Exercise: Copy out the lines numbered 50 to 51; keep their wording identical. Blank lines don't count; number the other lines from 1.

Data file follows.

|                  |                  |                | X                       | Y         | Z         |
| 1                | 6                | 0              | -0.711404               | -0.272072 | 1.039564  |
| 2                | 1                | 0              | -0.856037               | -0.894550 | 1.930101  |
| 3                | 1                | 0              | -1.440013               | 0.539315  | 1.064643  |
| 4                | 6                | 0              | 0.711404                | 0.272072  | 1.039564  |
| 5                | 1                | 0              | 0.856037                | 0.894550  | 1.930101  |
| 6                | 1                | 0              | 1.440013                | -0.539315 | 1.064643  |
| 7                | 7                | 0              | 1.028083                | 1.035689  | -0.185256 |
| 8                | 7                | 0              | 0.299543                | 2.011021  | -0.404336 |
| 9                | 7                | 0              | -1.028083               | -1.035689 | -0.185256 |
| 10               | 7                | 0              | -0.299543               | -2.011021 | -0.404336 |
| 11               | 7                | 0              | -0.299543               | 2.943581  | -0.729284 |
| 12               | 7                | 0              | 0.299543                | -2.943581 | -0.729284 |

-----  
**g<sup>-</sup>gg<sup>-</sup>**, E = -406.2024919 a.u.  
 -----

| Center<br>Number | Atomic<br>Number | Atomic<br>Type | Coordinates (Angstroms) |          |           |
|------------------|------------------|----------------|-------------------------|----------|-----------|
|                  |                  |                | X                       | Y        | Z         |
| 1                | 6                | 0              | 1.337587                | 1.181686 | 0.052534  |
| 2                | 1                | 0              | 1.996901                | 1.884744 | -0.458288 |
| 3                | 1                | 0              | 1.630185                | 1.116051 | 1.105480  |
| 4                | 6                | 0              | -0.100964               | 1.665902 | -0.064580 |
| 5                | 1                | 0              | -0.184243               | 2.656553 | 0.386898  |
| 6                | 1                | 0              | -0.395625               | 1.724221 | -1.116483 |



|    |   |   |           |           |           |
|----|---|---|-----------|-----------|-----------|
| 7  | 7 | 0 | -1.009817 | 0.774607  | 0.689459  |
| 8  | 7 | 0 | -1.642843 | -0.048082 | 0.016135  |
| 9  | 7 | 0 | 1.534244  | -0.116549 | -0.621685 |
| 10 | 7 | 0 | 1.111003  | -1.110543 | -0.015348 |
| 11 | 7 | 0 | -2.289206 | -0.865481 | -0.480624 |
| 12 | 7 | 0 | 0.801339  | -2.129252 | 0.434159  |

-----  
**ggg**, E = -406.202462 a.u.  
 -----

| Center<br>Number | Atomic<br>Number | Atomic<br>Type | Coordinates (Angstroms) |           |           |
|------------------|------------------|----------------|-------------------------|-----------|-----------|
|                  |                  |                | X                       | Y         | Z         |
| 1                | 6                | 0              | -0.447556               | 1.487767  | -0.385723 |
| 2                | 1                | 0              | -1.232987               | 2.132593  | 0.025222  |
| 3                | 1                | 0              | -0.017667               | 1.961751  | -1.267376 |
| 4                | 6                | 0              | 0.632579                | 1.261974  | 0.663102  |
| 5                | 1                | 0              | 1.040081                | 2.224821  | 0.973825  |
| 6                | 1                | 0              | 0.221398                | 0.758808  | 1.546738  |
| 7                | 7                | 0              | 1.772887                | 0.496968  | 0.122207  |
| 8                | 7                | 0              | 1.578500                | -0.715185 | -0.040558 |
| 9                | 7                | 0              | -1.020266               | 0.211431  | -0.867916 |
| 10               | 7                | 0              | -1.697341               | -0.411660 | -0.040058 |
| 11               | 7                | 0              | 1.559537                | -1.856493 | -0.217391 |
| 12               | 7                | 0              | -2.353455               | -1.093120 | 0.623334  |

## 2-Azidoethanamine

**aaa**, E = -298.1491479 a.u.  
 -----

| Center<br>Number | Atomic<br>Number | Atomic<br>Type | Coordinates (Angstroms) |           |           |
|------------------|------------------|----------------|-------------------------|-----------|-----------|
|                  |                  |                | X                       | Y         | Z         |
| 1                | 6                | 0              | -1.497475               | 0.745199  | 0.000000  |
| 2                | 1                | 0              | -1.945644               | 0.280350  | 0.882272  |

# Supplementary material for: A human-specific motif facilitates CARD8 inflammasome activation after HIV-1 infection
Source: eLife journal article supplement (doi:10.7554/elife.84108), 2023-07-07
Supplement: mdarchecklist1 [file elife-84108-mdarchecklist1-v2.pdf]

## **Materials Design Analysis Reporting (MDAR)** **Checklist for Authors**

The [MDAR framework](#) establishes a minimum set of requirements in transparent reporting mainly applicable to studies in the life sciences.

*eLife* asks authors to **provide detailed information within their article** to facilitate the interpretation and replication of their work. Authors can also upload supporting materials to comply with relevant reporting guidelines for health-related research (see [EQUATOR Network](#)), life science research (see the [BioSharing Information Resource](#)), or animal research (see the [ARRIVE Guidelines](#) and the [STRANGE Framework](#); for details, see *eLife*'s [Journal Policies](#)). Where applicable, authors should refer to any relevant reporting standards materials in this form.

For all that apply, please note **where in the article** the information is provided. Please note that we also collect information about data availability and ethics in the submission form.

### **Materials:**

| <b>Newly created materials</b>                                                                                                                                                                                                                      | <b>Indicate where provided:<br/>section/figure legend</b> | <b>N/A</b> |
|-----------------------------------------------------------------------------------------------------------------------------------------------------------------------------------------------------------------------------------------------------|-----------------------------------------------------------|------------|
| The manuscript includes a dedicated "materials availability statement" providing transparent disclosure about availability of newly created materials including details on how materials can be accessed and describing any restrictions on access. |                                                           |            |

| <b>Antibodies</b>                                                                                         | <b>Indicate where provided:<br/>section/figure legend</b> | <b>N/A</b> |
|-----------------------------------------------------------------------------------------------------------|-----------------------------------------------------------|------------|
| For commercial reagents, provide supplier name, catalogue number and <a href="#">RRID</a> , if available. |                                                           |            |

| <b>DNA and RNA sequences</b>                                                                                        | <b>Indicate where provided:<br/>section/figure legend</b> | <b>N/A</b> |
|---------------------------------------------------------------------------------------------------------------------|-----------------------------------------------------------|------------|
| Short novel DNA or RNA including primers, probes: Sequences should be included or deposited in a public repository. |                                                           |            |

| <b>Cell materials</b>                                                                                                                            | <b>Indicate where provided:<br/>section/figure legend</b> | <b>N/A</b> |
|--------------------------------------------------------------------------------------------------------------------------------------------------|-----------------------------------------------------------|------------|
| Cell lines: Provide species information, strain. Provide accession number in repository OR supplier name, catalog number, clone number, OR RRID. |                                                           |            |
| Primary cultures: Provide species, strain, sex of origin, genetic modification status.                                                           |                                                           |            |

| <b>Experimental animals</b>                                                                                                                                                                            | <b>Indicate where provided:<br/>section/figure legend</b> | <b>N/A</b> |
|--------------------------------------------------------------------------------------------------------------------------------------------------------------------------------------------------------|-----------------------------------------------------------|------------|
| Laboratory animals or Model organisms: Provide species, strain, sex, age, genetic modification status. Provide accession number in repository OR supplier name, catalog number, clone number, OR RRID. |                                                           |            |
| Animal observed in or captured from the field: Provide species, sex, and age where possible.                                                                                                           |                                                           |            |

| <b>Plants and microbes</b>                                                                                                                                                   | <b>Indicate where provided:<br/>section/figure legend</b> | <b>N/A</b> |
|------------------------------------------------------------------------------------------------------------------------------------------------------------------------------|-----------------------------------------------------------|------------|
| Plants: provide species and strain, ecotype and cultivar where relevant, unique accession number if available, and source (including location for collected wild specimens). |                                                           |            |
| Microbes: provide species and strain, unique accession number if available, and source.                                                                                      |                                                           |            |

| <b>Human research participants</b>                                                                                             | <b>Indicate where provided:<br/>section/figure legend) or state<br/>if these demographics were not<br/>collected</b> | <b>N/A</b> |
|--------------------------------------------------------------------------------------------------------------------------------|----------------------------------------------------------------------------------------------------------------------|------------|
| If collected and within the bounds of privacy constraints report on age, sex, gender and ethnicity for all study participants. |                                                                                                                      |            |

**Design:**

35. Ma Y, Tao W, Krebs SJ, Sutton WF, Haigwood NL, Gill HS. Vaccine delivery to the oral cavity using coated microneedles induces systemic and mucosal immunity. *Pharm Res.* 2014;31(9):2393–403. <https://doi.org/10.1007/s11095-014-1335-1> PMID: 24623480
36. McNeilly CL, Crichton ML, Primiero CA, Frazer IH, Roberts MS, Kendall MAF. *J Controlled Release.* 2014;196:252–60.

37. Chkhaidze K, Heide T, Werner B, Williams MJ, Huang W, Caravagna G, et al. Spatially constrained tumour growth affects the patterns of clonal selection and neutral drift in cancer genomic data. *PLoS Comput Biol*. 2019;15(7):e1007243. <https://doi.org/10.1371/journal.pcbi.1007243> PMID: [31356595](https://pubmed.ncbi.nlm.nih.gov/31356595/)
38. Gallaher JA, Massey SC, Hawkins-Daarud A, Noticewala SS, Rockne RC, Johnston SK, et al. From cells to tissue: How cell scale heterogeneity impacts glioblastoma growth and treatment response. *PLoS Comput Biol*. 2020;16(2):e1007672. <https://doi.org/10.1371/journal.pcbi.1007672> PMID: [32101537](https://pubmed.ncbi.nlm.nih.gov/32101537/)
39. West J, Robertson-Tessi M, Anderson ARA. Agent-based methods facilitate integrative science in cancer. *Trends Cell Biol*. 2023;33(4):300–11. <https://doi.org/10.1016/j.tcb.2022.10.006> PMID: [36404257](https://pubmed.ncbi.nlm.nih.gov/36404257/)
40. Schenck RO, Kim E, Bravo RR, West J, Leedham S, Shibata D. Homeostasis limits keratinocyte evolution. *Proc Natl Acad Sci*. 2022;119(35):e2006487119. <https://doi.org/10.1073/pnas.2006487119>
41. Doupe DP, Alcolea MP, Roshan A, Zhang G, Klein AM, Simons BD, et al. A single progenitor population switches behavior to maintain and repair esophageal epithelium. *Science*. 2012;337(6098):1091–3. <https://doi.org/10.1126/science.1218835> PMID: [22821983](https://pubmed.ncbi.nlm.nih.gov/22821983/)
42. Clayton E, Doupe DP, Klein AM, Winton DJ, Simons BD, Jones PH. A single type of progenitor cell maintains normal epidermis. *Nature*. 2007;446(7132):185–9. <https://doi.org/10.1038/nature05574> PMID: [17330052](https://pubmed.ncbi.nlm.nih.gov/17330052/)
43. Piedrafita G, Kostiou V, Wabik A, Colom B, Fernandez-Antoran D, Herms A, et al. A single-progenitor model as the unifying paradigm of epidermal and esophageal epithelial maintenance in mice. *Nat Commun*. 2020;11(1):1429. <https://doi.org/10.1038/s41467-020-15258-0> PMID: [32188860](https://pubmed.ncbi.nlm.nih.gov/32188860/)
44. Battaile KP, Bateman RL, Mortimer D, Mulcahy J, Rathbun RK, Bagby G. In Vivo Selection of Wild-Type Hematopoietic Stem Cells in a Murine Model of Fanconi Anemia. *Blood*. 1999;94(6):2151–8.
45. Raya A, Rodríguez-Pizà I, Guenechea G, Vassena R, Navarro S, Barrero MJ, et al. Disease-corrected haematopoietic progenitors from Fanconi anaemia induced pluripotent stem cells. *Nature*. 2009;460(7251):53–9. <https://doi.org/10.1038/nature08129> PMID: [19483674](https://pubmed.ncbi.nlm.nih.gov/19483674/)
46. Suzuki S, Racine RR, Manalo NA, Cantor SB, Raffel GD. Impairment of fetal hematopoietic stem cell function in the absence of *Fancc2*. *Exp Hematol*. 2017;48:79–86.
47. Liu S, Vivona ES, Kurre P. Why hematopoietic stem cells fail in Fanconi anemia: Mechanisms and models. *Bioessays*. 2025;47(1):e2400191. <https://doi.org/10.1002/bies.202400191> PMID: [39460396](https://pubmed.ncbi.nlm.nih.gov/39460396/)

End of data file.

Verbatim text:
| 11               | 7                | 0              | 1.559537                | -1.856493 | -0.217391 |
| 12               | 7                | 0              | -2.353455               | -1.093120 | 0.623334  |